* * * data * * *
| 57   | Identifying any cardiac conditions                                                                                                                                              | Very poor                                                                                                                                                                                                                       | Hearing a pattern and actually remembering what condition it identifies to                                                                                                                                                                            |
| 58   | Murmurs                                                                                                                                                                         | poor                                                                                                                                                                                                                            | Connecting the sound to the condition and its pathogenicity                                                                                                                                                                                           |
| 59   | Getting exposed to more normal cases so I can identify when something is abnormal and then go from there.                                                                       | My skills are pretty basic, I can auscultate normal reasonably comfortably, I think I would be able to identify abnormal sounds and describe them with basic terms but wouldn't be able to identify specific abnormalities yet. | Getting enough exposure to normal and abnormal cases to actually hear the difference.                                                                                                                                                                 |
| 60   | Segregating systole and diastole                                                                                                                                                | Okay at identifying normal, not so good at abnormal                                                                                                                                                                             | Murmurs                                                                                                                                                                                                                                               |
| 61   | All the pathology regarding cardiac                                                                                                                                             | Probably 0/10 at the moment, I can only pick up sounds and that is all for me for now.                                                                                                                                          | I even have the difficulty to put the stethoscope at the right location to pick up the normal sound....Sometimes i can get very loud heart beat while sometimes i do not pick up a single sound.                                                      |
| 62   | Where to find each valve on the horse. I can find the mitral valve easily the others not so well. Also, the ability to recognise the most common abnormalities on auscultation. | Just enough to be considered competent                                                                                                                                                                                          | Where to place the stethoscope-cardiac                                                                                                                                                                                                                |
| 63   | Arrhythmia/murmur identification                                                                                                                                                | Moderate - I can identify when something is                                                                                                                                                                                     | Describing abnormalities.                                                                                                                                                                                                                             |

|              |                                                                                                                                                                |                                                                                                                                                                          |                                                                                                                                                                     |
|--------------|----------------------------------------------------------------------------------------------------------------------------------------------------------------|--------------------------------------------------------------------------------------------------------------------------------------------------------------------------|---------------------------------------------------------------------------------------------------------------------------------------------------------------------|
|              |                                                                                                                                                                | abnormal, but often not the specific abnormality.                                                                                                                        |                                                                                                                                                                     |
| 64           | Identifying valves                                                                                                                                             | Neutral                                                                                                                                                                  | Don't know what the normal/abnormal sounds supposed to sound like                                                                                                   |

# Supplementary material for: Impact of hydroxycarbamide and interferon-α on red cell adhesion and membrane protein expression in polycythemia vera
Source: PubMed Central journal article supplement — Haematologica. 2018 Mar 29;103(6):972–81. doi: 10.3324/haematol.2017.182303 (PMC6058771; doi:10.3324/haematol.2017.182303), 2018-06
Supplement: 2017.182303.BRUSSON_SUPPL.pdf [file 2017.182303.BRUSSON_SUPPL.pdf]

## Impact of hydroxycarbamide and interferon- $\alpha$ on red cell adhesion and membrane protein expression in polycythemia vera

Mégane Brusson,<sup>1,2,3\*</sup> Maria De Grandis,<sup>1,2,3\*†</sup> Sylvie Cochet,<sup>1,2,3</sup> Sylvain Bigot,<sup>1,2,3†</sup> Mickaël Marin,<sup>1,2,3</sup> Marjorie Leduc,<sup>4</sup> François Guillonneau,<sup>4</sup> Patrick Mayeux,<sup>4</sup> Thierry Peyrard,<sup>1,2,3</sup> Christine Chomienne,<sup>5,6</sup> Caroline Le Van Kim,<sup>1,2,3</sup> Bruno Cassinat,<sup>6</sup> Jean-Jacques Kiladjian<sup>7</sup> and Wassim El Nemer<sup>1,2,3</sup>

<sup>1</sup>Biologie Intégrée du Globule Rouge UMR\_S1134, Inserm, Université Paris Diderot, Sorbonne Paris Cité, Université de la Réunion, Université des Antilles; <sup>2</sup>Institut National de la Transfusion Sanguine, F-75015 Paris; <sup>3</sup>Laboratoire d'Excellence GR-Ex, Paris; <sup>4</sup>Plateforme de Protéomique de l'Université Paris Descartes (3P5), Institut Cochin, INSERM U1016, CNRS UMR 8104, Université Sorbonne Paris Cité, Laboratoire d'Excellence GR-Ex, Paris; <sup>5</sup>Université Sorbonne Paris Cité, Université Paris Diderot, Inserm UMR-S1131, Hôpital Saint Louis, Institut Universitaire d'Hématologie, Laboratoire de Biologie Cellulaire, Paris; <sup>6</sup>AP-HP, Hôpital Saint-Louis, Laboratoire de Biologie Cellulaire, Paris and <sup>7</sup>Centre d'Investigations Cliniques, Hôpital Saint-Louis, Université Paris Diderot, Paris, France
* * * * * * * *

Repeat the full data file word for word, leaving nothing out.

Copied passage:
| 57   | Identifying any cardiac conditions                                                                                                                                              | Very poor                                                                                                                                                                                                                       | Hearing a pattern and actually remembering what condition it identifies to                                                                                                                                                                            |
| 58   | Murmurs                                                                                                                                                                         | poor                                                                                                                                                                                                                            | Connecting the sound to the condition and its pathogenicity                                                                                                                                                                                           |
| 59   | Getting exposed to more normal cases so I can identify when something is abnormal and then go from there.                                                                       | My skills are pretty basic, I can auscultate normal reasonably comfortably, I think I would be able to identify abnormal sounds and describe them with basic terms but wouldn't be able to identify specific abnormalities yet. | Getting enough exposure to normal and abnormal cases to actually hear the difference.                                                                                                                                                                 |
| 60   | Segregating systole and diastole                                                                                                                                                | Okay at identifying normal, not so good at abnormal                                                                                                                                                                             | Murmurs                                                                                                                                                                                                                                               |
| 61   | All the pathology regarding cardiac                                                                                                                                             | Probably 0/10 at the moment, I can only pick up sounds and that is all for me for now.                                                                                                                                          | I even have the difficulty to put the stethoscope at the right location to pick up the normal sound....Sometimes i can get very loud heart beat while sometimes i do not pick up a single sound.                                                      |
| 62   | Where to find each valve on the horse. I can find the mitral valve easily the others not so well. Also, the ability to recognise the most common abnormalities on auscultation. | Just enough to be considered competent                                                                                                                                                                                          | Where to place the stethoscope-cardiac                                                                                                                                                                                                                |
| 63   | Arrhythmia/murmur identification                                                                                                                                                | Moderate - I can identify when something is                                                                                                                                                                                     | Describing abnormalities.                                                                                                                                                                                                                             |

|              |                                                                                                                                                                |                                                                                                                                                                          |                                                                                                                                                                     |
|--------------|----------------------------------------------------------------------------------------------------------------------------------------------------------------|--------------------------------------------------------------------------------------------------------------------------------------------------------------------------|---------------------------------------------------------------------------------------------------------------------------------------------------------------------|
|              |                                                                                                                                                                | abnormal, but often not the specific abnormality.                                                                                                                        |                                                                                                                                                                     |
| 64           | Identifying valves                                                                                                                                             | Neutral                                                                                                                                                                  | Don't know what the normal/abnormal sounds supposed to sound like                                                                                                   |

# Supplementary material for: Impact of hydroxycarbamide and interferon-α on red cell adhesion and membrane protein expression in polycythemia vera
Source: PubMed Central journal article supplement — Haematologica. 2018 Mar 29;103(6):972–81. doi: 10.3324/haematol.2017.182303 (PMC6058771; doi:10.3324/haematol.2017.182303), 2018-06
Supplement: 2017.182303.BRUSSON_SUPPL.pdf [file 2017.182303.BRUSSON_SUPPL.pdf]

## Impact of hydroxycarbamide and interferon- $\alpha$ on red cell adhesion and membrane protein expression in polycythemia vera

Mégane Brusson,<sup>1,2,3\*</sup> Maria De Grandis,<sup>1,2,3\*†</sup> Sylvie Cochet,<sup>1,2,3</sup> Sylvain Bigot,<sup>1,2,3†</sup> Mickaël Marin,<sup>1,2,3</sup> Marjorie Leduc,<sup>4</sup> François Guillonneau,<sup>4</sup> Patrick Mayeux,<sup>4</sup> Thierry Peyrard,<sup>1,2,3</sup> Christine Chomienne,<sup>5,6</sup> Caroline Le Van Kim,<sup>1,2,3</sup> Bruno Cassinat,<sup>6</sup> Jean-Jacques Kiladjian<sup>7</sup> and Wassim El Nemer<sup>1,2,3</sup>

<sup>1</sup>Biologie Intégrée du Globule Rouge UMR\_S1134, Inserm, Université Paris Diderot, Sorbonne Paris Cité, Université de la Réunion, Université des Antilles; <sup>2</sup>Institut National de la Transfusion Sanguine, F-75015 Paris; <sup>3</sup>Laboratoire d'Excellence GR-Ex, Paris; <sup>4</sup>Plateforme de Protéomique de l'Université Paris Descartes (3P5), Institut Cochin, INSERM U1016, CNRS UMR 8104, Université Sorbonne Paris Cité, Laboratoire d'Excellence GR-Ex, Paris; <sup>5</sup>Université Sorbonne Paris Cité, Université Paris Diderot, Inserm UMR-S1131, Hôpital Saint Louis, Institut Universitaire d'Hématologie, Laboratoire de Biologie Cellulaire, Paris; <sup>6</sup>AP-HP, Hôpital Saint-Louis, Laboratoire de Biologie Cellulaire, Paris and <sup>7</sup>Centre d'Investigations Cliniques, Hôpital Saint-Louis, Université Paris Diderot, Paris, France